- 32 Gallon fuel tank (standard on all Broncos)
- Full gauge cluster: Tachometer, Oil Pressure, Voltmeter, Coolant Temp.
- Chrome Brush Guard (which took two years to find, this is a neglected body style in the way of aftermarket add-ons)
- AM/FM/CD/Aux Pioneer radio (installed by the previous owner)
- Trailer Brake Controller (again, by the previous owner)
- Non factory headlight assemblies (the old ones where faded so bad that light barely reached the ground with the high beams on)
That’s pretty much it, she’s mostly stock
Now to the subjective part of this review. Take into account that she’s a 27 year old truck. Some things don’t work like they used to. And things were made differently in 1990.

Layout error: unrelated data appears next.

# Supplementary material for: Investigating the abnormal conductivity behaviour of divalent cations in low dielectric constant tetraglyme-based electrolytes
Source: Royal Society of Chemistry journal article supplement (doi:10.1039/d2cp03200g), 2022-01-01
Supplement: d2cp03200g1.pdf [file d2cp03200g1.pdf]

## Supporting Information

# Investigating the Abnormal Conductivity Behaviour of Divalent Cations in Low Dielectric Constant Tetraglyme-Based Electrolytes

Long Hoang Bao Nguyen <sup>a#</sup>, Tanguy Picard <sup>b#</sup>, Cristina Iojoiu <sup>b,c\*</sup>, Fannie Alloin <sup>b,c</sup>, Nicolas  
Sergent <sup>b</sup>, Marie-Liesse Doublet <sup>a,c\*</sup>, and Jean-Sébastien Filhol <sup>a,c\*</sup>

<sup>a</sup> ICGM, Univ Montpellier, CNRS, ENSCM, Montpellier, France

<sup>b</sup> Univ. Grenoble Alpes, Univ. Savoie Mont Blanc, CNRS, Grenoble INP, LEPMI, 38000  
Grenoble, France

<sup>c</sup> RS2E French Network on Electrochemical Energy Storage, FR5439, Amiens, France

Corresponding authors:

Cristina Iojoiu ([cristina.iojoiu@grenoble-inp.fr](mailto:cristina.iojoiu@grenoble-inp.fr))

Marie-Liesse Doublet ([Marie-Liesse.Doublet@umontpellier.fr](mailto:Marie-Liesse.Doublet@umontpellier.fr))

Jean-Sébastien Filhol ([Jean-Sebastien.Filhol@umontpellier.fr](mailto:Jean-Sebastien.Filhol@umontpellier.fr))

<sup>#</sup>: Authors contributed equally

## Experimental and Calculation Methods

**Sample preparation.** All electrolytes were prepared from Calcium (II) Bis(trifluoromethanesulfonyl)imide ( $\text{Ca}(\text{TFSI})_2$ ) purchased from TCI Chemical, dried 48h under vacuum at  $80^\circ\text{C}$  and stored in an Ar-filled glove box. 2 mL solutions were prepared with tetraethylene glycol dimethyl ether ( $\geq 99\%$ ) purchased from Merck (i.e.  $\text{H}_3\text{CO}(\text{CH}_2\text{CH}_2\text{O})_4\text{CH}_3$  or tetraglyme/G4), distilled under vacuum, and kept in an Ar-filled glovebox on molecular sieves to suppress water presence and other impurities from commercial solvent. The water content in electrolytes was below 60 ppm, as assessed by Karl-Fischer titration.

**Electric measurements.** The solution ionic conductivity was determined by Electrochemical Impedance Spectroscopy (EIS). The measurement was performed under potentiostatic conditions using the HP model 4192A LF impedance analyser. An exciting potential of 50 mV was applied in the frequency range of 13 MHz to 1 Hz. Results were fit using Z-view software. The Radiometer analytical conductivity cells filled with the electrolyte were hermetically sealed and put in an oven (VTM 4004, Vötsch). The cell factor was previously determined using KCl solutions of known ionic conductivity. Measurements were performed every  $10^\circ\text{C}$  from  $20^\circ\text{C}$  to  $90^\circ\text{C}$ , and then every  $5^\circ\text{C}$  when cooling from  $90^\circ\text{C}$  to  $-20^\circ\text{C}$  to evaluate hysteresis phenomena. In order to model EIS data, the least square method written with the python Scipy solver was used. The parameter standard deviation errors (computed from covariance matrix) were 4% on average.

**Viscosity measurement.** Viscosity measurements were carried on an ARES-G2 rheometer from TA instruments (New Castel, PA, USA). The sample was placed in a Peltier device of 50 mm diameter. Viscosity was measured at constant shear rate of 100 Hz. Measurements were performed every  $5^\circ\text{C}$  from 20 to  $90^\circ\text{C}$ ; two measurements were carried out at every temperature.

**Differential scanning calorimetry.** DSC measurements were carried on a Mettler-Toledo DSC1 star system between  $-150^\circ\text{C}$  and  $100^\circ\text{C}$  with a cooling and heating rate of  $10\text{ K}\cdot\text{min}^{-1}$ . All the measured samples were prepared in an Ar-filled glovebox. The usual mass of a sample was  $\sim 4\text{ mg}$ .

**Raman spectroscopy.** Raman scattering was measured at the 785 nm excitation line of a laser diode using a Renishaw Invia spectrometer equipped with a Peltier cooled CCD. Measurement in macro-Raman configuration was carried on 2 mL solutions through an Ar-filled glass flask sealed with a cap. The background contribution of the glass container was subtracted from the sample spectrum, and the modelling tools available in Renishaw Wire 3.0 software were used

That being said, the Bronco is actually a pretty comfortable truck. I say truck, even though it's classified as an Multi-Purpose Vehicle (MPV) or an SUV (depending on who you ask), because it shares most of it's mechanical parts and a majority of it's sheet metal with it's F-Series brethren, especially the F-150. The captains chairs are pretty supportive, although the drivers seat is worn significantly. Especially on the left lumbar support, from the only graceful way to get out of the truck, sliding off the seat. The seat has only two adjustments. Forward/back and recline. Both adjustments are manual (which I prefer). The front seats also slide and tilt forward, standard from '89 and up, to allow people to enter and exit the truck with greater ease. The front seat belts are non-height adjustable, so for some they aren't comfy. As for me, they're just right. The arm rests are nice, but I had to remove the driver's one as it had broken off the mount. There's plenty of headroom and space in the front and there's little to complain about in that respect. Overall space is quite abundant, and nothing is in the way. The HVAC (heating, ventilation and AC) controls and the radio are centered more towards the driver. The cloth upholstery is still in fair shape and is still pretty soft to the touch. There's an over abundance of hard plastics and some faux wood trim on the dash, door panels, center console, and side paneling in the back. Despite that, it has weathered the ages quite well, and there's only two pieces of cracked plastic, one on the dash and one on the A pillar. The cloth headliner is still attached, only the cloth itself is sagging ever so slightly. There's also a 3-4 inch long tear in it on the passengers side that goes all the way to the metal roof. The steering wheel is a pleather (plastic-leather mix, don't quite know how to explain it) material and is nicely sized. Sadly, I don't have the tilt steering column, so it's fixed at one setting. A tilt steering column was an option for this truck. The gauge cluster is comprehensive and easy to understand with just a glance. Even maintenance on the gauges themselves is easy (I know, as I had to change the speedometer head). The gauges are separated, so if one fails, you don't have to replace the whole cluster, just the failed gauge. The 4x4 lever is located just to your right on the transmission tunnel. It's easy to reach and shifts with smooth and decisive throws. There's very little that gets in the way of it, and it is very easy to operate, even for a total noob. The t-case lever also has a safety mechanism which prevents it from being shifted into neutral or Lo range accidentally. It can only be disabled when you shift the the transmission into neutral. Although with age, I've been able to shift the t-case into neutral and 4x4 Lo whilst in park. But that's only a minor problem. The rear bench is also quite nice. It can comfortably seat three, and the lap belts aren't uncomfortable. The rear seat folds forward or can be removed entirely to free up space in the rear cargo bay. Headroom in the back is just as abundant as in the front, although the rear cap doesn't have a headliner. The rear cap is sheet metal, not fiberglass like Chevy's K5 Blazer/Jimmy. The rear tailgate is easy to open. First you must lower the rear window, via either the lock cylinder with door lock key in the tailgate itself, or the dash mounted switch. Once lowered, you need to unlatch the tire swing, then reach into the interior side of the tailgate and pull the handle. The handle was mounted in the inside on all Broncos because of the tire swing option. Also, it prevented someone from opening the tailgate with the window up, which could shatter the glass. Speaking of glass, I love the vent windows that this truck has. On a hot and humid day here in the Finger Lakes region of NY, having the ability to direct wind to your face and upper torso is awesome... as long as you're in motion. Plus opening the rear window not only increases air flow, it also reduces that terrible wind noise that you hear when you open the window. So you can hear the sweet sound the engine is making, as it also allows more engine noise in via the exhaust. The engine bay is open and allows for easy maintenance, on almost every part that you need. Transmission, oil, power steering, and coolant dipsticks/reservoirs are all within reach and are easy to locate. The distributor is near the front of the truck, allowing for easy timing adjustment and ease of maintenance.